• Pars Plana Vitrectomy

  • Pars plana vitrectomy is a surgical procedure in which small instruments are inserted into the eye through the pars plana. The pars plana is the part of the eye lying between the retina and the pars plicata. The retina converts light energy into a signal that is sent to the brain. The pars plicata makes intraocular fluid, the aqueous humor. The pars plana has no known function in the post-fetal eye. It is thus a “safe” place through which one can insert instruments.

    Vitrectomy is used to treat a variety of blinding disorders, most commonly proliferative diabetic retinopathy, complex retinal detachment (for example, due to trauma), macular hole, and epiretinal membrane (also known as macular pucker). Various microsurgical instruments are introduced into the eye cavity (the vitreous cavity) to cut or peel away scar tissue, excise blood, or apply laser treatment. Vitreous surgery is complex microsurgery and is usually done by an ophthalmic surgeon with special training in the technique.

    Generally, vitrectomy is an outpatient procedure and is done under intravenous sedation with local anesthesia. Depending on the patient’s age and the anticipated length of surgery, however, it may be done under general anesthesia. Sometimes patients are admitted to the hospital after surgery for careful postoperative observation (for example, a patient with a postoperative intraocular infection who has undergone vitrectomy and will require intravenous antibiotics). Postoperative pain varies in intensity but is usually well controlled with narcotics. If the surgeon places an intraocular gas bubble in the eye (to maintain retinal reattachment while the eye heals from surgery), the patient will have to maintain a face-down position postoperatively.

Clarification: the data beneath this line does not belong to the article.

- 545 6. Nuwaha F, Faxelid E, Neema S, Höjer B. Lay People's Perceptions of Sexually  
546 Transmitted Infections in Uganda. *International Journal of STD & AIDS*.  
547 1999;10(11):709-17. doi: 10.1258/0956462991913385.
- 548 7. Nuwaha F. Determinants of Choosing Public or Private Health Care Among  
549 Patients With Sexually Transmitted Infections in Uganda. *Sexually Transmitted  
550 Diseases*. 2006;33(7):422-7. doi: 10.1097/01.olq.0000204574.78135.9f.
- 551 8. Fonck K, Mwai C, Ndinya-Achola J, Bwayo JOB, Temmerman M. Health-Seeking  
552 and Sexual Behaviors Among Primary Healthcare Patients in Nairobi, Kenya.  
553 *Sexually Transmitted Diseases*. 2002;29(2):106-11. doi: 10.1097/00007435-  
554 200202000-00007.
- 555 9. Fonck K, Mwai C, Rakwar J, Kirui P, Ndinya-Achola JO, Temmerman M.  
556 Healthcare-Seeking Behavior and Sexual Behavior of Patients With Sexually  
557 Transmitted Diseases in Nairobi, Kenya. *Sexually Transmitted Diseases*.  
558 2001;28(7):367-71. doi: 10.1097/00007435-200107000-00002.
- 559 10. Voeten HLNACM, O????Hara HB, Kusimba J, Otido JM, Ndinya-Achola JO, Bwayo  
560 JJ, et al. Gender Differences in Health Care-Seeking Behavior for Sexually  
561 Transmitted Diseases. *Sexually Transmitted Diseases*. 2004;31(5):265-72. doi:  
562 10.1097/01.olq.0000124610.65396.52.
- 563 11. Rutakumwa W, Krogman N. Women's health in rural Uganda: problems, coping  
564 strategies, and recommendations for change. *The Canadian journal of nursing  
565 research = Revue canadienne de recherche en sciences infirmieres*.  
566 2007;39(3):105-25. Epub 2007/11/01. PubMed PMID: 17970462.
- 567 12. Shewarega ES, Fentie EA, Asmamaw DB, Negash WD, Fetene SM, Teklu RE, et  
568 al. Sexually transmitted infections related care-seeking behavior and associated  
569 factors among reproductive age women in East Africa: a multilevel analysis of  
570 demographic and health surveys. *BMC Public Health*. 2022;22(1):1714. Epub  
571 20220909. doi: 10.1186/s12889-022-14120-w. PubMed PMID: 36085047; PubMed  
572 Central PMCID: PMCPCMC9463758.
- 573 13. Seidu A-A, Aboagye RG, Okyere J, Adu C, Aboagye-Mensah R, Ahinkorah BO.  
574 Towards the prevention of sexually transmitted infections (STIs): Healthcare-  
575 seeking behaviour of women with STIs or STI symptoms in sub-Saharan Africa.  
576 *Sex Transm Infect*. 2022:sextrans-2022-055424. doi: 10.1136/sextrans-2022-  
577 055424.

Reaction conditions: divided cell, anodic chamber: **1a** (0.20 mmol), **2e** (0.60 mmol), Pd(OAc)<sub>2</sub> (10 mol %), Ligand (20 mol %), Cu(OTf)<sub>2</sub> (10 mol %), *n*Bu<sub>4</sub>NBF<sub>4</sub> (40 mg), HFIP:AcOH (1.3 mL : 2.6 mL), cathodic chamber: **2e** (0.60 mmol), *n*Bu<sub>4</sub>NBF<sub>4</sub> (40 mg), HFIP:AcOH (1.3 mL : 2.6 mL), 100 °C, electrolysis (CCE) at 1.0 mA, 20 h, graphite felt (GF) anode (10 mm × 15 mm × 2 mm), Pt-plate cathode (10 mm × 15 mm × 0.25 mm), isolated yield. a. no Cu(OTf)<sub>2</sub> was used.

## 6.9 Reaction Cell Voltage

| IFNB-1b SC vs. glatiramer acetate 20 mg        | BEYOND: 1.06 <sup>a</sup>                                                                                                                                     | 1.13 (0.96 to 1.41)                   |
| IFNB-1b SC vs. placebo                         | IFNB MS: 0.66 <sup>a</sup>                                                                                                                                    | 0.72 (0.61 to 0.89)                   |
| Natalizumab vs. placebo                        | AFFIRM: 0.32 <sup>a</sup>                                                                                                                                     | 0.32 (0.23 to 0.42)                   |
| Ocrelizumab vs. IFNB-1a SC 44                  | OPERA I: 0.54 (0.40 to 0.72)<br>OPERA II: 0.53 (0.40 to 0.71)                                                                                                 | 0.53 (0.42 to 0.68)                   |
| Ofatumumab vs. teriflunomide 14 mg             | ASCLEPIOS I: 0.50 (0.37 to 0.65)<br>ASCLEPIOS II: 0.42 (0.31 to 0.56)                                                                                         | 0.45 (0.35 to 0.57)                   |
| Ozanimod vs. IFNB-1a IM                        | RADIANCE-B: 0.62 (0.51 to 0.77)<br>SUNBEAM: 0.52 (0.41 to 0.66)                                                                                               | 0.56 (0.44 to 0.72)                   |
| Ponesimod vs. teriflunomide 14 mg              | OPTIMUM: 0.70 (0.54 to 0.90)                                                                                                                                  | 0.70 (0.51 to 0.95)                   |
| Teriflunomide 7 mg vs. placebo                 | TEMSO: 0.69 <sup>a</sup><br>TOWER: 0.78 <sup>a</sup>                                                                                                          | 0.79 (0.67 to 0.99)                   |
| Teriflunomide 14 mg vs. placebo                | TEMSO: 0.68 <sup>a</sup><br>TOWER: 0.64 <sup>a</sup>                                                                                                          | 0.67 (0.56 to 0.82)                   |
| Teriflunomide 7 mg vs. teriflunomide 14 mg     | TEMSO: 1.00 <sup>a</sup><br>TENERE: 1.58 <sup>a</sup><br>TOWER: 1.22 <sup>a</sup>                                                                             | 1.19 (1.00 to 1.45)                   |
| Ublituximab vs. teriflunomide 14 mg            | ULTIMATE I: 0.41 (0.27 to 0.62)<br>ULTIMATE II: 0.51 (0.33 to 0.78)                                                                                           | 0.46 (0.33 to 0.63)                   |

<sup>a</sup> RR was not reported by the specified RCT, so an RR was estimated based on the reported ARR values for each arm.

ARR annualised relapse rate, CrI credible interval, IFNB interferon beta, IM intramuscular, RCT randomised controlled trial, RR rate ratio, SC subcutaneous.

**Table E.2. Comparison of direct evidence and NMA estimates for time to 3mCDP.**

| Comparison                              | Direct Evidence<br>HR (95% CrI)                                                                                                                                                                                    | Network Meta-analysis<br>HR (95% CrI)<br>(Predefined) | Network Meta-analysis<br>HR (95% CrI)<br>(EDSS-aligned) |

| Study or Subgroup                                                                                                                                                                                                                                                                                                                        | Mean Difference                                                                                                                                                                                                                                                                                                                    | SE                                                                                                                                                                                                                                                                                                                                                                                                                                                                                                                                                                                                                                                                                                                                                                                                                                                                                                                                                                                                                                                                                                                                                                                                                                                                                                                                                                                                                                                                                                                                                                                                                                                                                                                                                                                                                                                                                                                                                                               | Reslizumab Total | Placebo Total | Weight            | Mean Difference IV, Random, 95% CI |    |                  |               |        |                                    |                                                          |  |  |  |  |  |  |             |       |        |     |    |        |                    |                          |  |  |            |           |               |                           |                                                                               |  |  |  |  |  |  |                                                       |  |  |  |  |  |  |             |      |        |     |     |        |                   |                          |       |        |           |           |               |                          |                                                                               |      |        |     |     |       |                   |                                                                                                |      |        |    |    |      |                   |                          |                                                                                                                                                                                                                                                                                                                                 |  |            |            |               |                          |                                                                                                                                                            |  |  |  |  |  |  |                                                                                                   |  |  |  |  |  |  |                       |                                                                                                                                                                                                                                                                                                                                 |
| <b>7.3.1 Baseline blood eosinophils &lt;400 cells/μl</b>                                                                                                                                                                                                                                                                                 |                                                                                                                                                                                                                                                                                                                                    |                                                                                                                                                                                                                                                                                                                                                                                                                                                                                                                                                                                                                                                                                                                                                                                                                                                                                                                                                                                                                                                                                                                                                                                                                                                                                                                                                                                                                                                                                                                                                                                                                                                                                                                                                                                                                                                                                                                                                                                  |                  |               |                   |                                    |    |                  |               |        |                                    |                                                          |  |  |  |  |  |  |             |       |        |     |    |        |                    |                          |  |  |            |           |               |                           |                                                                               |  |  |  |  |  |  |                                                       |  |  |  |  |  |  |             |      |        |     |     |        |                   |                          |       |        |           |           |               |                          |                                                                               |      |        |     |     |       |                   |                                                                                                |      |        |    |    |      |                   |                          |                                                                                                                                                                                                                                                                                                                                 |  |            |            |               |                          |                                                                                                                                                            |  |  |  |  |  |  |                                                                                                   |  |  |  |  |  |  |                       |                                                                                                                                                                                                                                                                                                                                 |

Vitreous surgery, although complex, has saved sight in many patients who otherwise would be blind. The final outcome often depends, however, on the underlying disease for which surgery has been done.